I might use them differently, in a card file box (like my moms recipes card file box) but they would need a catalog number. A place on the card to assign a number and a small sticker with the corresponding number to be placed on the record. I already put a very small sticker on all records that have been ultrasonically cleaned, just a little dot so combining those into one sticker would be prefect. Just my thoughts. I gave up on cataloging on discogs, time consuming and not as accessible as i want.

      • 2023-03-03 07:54:41 PM

        Ivan Bacon wrote:

        I meant to say i like the card idea because it is Analog.

        • 2023-03-03 08:11:57 PM

          Kate Koeppel wrote:

          ah, this is very interesting feedback- We have a couple different suggestions for display and storage on our website, at 4x4 inches it doesn't take up a huge amount of real estate on the front or back of the outer sleeve. If you want to see some images of different storage options:

          I think an essential part of of the utility of this card is in keeping the record and card together- to help keep both pieces accessible, not just for you, but in consideration of who might inherit your collection. This is another way to help make that essential information visible and easily accessible. We do have a field for catalog number and a field for "filed under" so you could use that for your own system of storage if you absolutely insist on keeping them separate. I'm always curious to hear how these cards are getting used in practice, it is valuable research for future iterations Ivan!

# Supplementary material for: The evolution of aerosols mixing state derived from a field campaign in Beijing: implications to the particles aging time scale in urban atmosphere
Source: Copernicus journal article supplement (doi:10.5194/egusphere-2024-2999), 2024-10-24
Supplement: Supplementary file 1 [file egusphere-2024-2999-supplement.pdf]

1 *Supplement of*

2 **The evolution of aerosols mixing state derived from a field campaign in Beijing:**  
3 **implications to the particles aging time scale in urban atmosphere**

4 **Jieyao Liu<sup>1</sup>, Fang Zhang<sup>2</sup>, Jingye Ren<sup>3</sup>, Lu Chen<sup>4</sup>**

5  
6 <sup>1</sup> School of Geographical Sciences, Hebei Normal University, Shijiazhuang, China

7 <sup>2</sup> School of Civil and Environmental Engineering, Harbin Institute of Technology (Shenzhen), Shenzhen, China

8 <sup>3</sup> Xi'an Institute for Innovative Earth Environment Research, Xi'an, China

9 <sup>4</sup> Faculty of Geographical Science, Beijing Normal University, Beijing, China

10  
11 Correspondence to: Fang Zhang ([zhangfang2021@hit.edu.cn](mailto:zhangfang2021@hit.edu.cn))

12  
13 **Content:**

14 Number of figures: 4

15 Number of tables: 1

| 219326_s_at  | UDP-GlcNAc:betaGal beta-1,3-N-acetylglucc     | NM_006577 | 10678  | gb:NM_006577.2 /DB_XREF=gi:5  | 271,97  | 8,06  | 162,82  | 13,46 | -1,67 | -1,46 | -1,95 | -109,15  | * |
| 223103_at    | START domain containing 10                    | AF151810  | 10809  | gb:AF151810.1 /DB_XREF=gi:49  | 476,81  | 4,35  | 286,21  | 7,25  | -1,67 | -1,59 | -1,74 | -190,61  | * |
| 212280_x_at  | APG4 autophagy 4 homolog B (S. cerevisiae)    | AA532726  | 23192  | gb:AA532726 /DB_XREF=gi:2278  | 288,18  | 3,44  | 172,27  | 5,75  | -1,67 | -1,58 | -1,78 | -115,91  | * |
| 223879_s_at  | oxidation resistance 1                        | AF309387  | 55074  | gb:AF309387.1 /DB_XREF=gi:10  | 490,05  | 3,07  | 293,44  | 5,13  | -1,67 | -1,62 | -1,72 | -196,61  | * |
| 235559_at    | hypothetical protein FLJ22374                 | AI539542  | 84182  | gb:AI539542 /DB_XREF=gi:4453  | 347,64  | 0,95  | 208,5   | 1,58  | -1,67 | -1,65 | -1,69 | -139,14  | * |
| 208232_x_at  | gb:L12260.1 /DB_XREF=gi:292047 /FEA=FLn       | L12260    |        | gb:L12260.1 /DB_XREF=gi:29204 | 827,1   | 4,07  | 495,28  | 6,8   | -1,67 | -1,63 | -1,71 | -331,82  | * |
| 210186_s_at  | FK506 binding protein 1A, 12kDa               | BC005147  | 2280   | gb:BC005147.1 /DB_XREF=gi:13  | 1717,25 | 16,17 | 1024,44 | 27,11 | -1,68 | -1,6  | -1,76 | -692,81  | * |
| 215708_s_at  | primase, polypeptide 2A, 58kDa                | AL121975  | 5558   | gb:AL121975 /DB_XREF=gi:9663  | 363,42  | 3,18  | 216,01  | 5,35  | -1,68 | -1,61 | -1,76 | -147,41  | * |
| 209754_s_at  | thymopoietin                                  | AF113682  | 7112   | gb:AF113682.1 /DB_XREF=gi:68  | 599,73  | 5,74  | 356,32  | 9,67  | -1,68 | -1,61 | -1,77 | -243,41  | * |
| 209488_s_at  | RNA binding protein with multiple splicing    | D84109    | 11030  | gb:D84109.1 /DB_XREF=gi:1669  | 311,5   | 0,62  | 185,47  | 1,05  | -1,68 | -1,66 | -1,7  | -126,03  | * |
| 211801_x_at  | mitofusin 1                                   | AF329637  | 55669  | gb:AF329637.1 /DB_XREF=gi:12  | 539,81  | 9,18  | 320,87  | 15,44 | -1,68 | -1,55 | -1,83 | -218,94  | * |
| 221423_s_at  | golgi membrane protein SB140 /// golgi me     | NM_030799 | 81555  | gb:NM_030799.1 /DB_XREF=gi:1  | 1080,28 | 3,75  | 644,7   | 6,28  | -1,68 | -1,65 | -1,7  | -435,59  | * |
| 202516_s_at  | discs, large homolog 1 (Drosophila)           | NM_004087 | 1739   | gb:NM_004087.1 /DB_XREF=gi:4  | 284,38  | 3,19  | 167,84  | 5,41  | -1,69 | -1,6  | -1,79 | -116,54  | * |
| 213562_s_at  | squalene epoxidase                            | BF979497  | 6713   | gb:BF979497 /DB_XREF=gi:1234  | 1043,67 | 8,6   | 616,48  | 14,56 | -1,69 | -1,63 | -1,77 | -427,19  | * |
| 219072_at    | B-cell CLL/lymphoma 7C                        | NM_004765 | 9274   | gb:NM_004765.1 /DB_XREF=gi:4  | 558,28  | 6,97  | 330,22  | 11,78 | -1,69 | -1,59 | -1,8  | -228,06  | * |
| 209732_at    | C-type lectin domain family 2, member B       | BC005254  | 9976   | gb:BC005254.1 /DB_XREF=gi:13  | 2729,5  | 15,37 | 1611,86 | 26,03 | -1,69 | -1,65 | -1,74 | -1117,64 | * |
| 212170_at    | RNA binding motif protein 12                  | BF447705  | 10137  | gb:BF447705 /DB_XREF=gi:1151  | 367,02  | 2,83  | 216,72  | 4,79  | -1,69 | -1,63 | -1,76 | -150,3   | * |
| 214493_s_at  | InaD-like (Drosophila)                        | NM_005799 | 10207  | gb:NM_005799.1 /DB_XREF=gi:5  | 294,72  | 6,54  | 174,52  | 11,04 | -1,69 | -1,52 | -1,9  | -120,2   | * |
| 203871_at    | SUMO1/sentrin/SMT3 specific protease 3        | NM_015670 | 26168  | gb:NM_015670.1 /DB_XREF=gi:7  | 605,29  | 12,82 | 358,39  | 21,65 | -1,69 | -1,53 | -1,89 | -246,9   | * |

• 2023-03-03 08:00:13 PM

    Ivan Bacon wrote:

    MF, are you sure you are not a Doctor, that looks like a prescription slip. Write me one, LP's - to be administered daily, as many as needed.

  • 2023-03-04 06:18:32 PM

    cracking resonance wrote:

    nice for people who want to organize themselves without actually doing so, while spending money.

    1. I don't need a sheet telling me in handwriting what album I hold in my hand, while I can read it from the cover and see it's state.
    2. more important is to give the album an ID, first, that stays with it. That ID is a combination of codes, a serial-inventory-number, a value code, a library placement/category code, and a music-type if not covered by placement/category
    3. then all kind of information can be added to that ID
    4. all that remains with the album is: ID That can be a printed QR-code or a handwritten alphanumeric code
    5. the registry is separate and contains all details, paper or digital
    6. a copy of such registry is stored separately, paper or digital
    7. it'd be great if it contains the album's history from production across multiple owners and shops it went through, but that's only workable under a supported community or industry standard system, i.e. with discogs as an app solution.
    • 2023-03-04 06:23:49 PM

      cracking resonance wrote:

      the way it's presented is likely driving the divisive approach, because actually those cards could be a choice for the central registry, while not so much for the album itself, unless one wants to add another hand-written (1. registry stored, 2. backup registry stored, 3. album stored). Everybody's personal choice. I'm more in favor of a digital registry and copy and a code on the album. More ecological, time and cost effective than all that handwriting on cute expensive shipped paper forms.

  • 2023-03-06 09:31:24 PM

    Darryl Lindberg wrote:

    These cards are certainly thoughtfully designed. I do think their usefulness will depend on the the size of your collection. If you have, say, several hundred LPs and don't expect to add significantly to your collection, they're a fine way to go. If you have several thousand, then it's probably far more convenient to log your collection into a searchable database.

    Years ago, I used index cards to catalog my LPs. However, there came a point when I realized that card storage and arrangement was becoming an issue. That's when I changed over to a database program (Access, but it could have been anything). All I can say is that many, many, discs later is that I'm sure glad I did!